28 Feb Play the Ball Where It Lies, in Golf and in Business
You hit what feels like your best drive of the year down the par five 8th fairway that bends to the right. The ball takes that perfect bounce, setting you up for an opportunity to go for the green in two. Those you are playing with all give the wow, great shot kudos. You feel awesome and can’t wait to get up to your ball to take your next swing. You just know that birdie is there for the taking. Maybe even an eagle? Why not! This is your day. After all, you have played beautifully the first 7 holes.
You hop in the cart and head to where the other players hit their drives. You still can’t see your ball because it’s so far ahead. The other three players in your group all hit excellent second shots. The guy you’re driving with hits his best shot of the day and is able to get the ball on the green in two.
As you begin to make your way to your ball, you are thinking maybe you need a 6-iron into the green, and boy do you love your 6-iron. Then a funny thing happens.
Your ball isn’t where you expected it to be. All you can find is a small rock. You begin to sweat, looking all around. It has to be here! The other players begin to look around for your ball, too. They’re as confused as you are.
After a few minutes, the driver of your cart finds it—20 yards to the right of where you thought it would be. It’s stuck in a mud puddle and there are two large oak trees between it and the green!
How could this happen? Everything was perfect and now your ball is stuck in the mud behind trees. The only thing you and your friends can think of is that the ball bounced off that rock and kicked right.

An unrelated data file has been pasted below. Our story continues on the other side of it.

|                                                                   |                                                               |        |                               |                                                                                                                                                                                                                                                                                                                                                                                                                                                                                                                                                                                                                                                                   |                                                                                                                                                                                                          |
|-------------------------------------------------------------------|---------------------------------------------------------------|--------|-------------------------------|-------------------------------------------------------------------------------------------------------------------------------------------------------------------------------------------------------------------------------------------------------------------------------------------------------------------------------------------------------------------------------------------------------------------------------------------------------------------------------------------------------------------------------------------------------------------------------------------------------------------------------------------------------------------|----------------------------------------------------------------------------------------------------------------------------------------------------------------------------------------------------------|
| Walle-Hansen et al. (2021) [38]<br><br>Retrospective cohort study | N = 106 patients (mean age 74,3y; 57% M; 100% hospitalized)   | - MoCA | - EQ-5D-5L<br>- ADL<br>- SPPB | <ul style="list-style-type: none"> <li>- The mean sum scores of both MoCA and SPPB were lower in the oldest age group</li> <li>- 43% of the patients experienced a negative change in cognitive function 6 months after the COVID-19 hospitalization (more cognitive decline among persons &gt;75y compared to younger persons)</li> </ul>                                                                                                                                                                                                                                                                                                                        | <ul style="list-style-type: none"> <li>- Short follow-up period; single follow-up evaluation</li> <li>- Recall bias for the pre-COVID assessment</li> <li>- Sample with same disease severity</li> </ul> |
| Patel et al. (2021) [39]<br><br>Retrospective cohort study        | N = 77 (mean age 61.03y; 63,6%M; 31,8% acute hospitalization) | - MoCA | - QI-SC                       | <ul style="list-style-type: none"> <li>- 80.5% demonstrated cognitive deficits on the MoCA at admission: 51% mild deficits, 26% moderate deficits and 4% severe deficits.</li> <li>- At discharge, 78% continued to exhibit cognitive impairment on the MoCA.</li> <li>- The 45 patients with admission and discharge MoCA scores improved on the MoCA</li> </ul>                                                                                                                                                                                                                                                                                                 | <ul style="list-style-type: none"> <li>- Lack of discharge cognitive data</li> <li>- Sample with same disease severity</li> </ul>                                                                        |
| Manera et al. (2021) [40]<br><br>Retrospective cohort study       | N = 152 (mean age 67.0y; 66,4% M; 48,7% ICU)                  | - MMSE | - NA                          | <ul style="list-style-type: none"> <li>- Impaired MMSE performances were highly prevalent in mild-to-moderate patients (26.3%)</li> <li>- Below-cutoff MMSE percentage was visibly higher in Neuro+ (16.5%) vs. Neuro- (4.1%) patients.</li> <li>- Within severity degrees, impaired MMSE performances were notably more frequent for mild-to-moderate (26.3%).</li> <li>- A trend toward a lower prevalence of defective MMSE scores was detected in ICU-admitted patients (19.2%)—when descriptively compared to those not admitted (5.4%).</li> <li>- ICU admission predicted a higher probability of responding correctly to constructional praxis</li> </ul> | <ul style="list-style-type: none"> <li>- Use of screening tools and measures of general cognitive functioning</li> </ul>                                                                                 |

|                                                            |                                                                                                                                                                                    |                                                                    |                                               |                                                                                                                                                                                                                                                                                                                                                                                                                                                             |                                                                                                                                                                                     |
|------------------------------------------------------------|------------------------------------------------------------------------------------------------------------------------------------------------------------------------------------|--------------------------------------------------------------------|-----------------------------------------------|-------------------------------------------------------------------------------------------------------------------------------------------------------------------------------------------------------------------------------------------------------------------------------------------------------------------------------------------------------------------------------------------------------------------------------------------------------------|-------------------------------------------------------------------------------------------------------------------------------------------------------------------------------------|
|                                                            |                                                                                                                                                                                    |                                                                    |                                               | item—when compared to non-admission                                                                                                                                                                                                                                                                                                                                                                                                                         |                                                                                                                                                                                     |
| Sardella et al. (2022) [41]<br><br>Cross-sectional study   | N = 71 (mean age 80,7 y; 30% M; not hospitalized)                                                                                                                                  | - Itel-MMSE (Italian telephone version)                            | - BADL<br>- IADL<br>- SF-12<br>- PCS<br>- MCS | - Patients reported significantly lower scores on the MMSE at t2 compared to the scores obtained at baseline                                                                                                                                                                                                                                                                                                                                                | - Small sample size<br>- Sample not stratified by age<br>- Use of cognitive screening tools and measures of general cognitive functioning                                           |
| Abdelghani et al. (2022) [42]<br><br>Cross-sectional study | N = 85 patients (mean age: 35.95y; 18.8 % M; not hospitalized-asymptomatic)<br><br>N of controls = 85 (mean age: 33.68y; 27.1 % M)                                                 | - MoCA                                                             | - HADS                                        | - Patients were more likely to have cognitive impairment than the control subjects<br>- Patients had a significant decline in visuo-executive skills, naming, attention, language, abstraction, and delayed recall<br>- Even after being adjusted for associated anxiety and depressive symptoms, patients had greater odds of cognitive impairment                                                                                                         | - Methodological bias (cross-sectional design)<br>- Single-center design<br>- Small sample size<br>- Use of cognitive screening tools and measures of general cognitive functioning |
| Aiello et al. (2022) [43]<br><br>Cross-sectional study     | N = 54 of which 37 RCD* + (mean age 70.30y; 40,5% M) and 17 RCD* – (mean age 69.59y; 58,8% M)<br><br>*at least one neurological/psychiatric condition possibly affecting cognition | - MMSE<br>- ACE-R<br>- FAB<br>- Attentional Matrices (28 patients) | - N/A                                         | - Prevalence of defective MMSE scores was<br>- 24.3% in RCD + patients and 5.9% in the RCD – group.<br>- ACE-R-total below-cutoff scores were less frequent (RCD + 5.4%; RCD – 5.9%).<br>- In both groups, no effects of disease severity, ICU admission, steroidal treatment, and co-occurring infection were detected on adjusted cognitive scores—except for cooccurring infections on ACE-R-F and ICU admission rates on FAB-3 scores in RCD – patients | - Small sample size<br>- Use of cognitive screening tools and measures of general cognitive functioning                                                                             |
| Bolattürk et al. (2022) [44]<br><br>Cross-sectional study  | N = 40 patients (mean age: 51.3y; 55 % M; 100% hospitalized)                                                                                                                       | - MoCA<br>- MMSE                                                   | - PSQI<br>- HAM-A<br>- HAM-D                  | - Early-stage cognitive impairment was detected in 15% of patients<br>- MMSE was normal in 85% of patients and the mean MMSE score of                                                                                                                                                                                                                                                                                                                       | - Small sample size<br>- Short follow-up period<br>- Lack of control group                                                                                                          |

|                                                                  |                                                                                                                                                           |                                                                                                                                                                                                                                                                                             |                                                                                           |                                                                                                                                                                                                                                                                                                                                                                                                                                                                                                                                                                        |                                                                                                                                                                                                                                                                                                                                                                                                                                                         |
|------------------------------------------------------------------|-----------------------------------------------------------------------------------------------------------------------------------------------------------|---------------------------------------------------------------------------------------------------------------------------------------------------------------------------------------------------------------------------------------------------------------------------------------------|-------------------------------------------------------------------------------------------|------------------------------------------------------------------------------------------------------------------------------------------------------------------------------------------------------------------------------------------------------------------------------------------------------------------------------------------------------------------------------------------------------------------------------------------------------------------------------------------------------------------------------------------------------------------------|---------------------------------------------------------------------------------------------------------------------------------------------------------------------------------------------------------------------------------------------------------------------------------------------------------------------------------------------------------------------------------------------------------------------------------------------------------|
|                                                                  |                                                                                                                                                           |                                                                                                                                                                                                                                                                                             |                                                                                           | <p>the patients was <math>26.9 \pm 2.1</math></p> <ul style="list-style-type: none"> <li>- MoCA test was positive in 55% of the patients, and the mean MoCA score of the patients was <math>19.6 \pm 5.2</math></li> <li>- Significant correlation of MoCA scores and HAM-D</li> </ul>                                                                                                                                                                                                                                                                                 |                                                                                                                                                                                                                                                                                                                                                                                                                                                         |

So, what are you going to do?
Are you going to sit around and mope? No time. There are other players coming up behind you. Are you going to magically reverse time and redo the shot? You’d like to, but it’s not an option.
You’re going to have to play the ball where it lies.
Sometimes disappointments and obstacles end up being gifts. Ryan Holiday, in his book, “The Obstacle is the Way,” gives examples where amazing people had amazing things happen, not in spite of but as a result of challenges—be it a difficult family, a speech impediment, or whatever else. Not like an unlucky golf swing is that kind of tragedy, but I’m drawing metaphors, here.
Anyway, whether your bad luck leads to something good down the road or not, you still have to deal with it. You still have to play the ball where it lies and do your best to go on from there.
There are events in life—or business—that will not go your way. You lose a sale, an important employee quits, the government changes a law, or a new competitor enters the market place. All of these and more can be crippling to your business. Your work goes into the mud with trees in the way and new anxieties and pressures come up. But you can use the crisis as an opportunity to re-focus and get back on the fairway. Even better, you can prepare yourself so when similar problems come up again, you’re in a better position to handle them. Maybe in the process you’ll discover opportunities you never would have had otherwise, all thanks to this amazing rock.
You grab that 6-iron, only this time you take a small swing. You connect with the ball, mud splatters up onto your pants, and your golf ball bounces ever so softly back onto the fairway about 20 yards to the left, right near that rock. You clean off your 6-iron, your buddies laugh with you at your dirty pants, and you set up to hit your third shot into this par five green—right as someone from that party behind you screams “FORE!”
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